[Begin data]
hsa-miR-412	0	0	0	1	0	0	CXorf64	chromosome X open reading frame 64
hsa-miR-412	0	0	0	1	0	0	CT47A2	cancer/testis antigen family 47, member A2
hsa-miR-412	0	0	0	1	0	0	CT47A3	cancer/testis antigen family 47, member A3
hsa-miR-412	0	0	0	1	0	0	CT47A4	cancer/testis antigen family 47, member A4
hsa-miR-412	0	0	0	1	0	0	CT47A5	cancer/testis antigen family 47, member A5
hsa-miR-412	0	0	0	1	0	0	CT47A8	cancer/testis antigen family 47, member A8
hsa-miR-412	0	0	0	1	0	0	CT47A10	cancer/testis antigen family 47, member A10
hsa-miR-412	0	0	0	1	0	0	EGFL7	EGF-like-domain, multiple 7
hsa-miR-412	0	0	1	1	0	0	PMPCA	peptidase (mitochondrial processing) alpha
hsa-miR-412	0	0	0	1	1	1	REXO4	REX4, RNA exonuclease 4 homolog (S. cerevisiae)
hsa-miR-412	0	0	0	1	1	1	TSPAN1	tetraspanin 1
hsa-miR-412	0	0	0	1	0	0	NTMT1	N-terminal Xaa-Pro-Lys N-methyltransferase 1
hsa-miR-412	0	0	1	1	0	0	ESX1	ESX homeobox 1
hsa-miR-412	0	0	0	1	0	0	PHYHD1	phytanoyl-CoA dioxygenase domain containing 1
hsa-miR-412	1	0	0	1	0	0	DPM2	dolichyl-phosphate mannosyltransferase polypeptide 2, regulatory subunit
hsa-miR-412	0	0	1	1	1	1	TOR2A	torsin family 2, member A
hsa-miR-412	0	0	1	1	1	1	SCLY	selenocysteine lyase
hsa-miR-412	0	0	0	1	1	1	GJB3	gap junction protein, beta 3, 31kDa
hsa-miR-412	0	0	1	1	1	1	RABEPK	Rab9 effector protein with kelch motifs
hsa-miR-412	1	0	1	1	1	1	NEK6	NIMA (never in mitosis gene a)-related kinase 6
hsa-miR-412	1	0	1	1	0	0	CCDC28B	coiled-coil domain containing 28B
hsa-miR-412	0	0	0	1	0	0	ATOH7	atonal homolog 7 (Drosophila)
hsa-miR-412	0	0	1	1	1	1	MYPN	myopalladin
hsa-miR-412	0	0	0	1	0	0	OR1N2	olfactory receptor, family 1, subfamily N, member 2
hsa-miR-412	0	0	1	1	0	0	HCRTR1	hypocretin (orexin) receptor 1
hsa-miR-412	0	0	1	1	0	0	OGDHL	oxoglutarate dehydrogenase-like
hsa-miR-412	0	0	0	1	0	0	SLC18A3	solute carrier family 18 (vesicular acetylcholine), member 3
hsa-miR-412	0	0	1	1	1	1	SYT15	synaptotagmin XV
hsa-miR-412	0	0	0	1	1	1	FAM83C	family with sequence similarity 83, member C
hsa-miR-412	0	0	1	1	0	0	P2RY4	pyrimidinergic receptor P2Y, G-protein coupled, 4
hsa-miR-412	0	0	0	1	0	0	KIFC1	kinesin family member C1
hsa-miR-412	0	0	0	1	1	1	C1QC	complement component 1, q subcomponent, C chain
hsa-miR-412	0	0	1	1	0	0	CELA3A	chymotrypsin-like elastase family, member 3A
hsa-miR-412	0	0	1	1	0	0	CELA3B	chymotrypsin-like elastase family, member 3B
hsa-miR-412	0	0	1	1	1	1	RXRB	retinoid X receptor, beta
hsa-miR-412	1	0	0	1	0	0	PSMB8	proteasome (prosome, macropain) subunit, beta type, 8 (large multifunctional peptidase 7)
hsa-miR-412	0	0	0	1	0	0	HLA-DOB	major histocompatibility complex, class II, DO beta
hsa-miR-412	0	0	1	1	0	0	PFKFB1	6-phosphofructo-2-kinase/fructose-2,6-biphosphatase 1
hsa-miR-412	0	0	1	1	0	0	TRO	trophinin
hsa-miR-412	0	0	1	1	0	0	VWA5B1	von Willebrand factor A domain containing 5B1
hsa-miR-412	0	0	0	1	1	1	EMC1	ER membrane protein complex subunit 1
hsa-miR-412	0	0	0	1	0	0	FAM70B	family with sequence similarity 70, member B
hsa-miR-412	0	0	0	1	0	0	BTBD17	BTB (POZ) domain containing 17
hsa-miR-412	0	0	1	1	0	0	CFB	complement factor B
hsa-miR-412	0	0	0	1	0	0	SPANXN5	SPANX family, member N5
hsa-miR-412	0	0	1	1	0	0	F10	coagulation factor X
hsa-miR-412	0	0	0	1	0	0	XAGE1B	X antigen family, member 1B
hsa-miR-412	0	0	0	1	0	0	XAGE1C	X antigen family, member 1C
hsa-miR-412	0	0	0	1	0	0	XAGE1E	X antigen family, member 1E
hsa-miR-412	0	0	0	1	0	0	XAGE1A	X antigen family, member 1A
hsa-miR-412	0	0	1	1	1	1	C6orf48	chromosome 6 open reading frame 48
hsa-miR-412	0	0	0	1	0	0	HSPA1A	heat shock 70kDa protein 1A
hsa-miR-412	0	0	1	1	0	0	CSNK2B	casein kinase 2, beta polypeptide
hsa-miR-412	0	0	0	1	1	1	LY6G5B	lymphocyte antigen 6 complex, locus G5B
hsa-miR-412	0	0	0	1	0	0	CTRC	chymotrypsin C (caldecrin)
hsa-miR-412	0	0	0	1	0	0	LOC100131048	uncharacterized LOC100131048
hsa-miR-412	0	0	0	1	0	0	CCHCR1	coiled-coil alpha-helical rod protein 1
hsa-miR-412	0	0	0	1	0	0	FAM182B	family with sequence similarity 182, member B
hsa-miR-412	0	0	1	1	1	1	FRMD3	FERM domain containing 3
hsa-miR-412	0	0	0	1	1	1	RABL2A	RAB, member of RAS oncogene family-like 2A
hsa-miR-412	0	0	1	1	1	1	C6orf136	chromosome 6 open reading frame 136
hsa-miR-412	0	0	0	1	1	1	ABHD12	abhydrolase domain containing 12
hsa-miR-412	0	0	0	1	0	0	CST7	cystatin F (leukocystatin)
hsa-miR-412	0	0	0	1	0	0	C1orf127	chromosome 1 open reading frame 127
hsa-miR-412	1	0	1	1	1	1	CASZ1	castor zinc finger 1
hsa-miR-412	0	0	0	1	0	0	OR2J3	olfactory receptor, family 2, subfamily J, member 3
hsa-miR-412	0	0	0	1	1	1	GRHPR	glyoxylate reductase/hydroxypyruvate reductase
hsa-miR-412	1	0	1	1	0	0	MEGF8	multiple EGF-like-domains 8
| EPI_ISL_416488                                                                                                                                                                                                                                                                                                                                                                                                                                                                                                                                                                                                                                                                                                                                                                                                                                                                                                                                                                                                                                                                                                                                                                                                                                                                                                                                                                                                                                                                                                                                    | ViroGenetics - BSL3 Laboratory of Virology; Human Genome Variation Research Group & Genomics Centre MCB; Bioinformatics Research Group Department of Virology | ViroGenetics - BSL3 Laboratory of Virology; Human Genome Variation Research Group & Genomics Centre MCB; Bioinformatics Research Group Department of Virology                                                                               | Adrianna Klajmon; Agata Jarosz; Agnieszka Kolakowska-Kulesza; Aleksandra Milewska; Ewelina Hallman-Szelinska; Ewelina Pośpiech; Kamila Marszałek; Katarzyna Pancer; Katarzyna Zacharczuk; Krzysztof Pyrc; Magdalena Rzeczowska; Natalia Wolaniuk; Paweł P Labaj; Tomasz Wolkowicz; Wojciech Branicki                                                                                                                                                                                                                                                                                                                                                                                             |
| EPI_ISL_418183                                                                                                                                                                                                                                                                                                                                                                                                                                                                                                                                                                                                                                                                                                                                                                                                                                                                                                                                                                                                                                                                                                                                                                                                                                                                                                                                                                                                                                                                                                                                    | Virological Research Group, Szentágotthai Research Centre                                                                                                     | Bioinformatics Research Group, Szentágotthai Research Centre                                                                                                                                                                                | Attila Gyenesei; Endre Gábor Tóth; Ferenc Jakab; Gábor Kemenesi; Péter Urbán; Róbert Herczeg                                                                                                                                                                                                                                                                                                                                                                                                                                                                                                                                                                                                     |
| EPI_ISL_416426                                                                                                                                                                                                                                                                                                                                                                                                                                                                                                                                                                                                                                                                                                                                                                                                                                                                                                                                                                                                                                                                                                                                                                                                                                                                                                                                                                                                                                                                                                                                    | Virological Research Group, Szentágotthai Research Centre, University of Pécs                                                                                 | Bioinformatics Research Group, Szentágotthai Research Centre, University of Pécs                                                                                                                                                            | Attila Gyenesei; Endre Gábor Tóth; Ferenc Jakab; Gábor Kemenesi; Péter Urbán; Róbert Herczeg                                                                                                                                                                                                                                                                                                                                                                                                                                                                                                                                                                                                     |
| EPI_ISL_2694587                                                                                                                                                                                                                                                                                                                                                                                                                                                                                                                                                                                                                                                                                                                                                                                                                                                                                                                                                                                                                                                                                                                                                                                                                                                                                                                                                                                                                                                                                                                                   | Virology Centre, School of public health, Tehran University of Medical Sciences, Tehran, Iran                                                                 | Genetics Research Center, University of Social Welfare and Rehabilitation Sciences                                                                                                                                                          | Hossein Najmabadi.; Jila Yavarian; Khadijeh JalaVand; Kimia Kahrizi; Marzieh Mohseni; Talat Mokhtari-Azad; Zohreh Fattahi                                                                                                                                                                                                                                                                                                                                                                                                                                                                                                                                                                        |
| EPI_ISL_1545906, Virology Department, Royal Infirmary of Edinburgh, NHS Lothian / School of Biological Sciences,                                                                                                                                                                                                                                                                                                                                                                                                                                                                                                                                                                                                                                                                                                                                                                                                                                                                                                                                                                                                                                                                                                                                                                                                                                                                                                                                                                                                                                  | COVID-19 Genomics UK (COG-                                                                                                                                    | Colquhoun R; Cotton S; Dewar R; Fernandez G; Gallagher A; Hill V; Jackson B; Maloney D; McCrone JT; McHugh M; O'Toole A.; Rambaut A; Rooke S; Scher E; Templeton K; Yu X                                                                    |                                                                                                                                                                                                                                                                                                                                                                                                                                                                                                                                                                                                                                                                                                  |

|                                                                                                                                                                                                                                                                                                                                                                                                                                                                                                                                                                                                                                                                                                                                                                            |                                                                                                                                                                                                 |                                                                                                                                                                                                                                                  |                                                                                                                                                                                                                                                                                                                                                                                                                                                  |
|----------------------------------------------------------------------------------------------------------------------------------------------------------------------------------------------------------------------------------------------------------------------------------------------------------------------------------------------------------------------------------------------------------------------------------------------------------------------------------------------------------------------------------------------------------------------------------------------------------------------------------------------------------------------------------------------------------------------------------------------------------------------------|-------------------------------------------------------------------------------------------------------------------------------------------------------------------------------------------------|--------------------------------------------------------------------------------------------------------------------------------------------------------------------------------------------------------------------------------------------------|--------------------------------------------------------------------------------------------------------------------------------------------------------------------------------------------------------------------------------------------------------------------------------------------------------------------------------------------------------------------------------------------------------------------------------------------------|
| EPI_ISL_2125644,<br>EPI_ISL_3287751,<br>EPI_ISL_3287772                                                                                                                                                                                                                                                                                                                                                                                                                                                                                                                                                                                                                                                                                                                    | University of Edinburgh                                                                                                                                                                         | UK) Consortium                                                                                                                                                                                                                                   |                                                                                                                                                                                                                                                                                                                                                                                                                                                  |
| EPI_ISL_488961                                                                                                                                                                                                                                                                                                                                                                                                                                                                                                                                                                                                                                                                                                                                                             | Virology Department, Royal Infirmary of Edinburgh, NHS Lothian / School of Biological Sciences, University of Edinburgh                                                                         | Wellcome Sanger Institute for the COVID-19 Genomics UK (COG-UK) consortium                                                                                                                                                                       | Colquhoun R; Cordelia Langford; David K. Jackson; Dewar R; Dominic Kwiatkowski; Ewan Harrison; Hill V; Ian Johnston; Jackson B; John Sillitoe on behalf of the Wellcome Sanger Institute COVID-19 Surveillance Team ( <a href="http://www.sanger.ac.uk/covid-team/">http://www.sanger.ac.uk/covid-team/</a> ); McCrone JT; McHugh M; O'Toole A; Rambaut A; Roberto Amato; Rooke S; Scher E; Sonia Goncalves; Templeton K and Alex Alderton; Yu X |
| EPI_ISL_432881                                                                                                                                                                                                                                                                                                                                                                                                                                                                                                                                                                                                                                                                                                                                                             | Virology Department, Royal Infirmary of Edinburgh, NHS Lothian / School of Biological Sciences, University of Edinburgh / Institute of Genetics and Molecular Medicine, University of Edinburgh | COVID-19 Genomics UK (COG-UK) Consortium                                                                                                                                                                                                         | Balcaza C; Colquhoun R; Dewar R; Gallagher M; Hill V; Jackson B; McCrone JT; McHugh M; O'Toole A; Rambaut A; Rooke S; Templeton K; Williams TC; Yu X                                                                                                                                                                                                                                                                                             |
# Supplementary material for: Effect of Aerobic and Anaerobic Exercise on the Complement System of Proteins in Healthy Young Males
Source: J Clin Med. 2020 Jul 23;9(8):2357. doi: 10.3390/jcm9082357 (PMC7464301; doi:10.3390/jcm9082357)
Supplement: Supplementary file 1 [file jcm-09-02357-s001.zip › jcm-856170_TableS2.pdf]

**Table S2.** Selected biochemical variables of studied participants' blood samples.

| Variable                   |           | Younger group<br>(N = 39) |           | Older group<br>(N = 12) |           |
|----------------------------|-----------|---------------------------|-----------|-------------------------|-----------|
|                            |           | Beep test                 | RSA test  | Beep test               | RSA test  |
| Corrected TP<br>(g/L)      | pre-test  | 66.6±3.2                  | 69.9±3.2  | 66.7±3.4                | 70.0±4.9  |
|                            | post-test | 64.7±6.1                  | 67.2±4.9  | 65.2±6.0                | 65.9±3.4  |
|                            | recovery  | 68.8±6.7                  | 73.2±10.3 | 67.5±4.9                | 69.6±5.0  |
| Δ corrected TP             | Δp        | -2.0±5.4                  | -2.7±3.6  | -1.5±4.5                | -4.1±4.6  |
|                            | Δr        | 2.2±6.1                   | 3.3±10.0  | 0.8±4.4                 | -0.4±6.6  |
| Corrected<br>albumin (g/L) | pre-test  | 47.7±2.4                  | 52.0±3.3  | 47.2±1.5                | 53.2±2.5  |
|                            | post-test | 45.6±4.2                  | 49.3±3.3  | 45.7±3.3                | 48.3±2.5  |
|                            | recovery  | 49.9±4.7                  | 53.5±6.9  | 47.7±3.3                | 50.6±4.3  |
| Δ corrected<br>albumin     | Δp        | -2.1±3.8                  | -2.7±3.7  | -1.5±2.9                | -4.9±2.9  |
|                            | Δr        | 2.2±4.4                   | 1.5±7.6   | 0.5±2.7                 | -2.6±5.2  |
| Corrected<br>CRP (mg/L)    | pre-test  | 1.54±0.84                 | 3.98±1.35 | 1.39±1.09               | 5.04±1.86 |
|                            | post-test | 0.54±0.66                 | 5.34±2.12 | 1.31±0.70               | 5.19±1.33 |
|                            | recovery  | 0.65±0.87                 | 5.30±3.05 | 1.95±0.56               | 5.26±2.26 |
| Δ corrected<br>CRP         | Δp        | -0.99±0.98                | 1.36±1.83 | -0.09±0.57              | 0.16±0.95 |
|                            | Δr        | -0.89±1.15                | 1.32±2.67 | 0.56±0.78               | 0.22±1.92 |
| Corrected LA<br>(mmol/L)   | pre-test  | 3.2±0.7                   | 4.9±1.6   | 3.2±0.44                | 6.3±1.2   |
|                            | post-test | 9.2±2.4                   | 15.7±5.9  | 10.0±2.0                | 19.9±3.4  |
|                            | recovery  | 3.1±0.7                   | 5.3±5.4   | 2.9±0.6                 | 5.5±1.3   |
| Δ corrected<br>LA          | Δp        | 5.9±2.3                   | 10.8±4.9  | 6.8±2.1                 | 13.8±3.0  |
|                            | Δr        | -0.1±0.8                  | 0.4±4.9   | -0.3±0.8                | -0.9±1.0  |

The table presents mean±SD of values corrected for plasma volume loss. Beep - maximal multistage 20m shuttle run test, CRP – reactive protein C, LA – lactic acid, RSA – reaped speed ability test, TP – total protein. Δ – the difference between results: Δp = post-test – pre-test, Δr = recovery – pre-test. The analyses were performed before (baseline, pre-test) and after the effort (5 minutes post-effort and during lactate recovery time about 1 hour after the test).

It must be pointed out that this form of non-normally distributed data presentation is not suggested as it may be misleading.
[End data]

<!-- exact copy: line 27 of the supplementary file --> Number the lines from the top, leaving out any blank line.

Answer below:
hsa-miR-412	0	0	0	1	0	0	SLC18A3	solute carrier family 18 (vesicular acetylcholine), member 3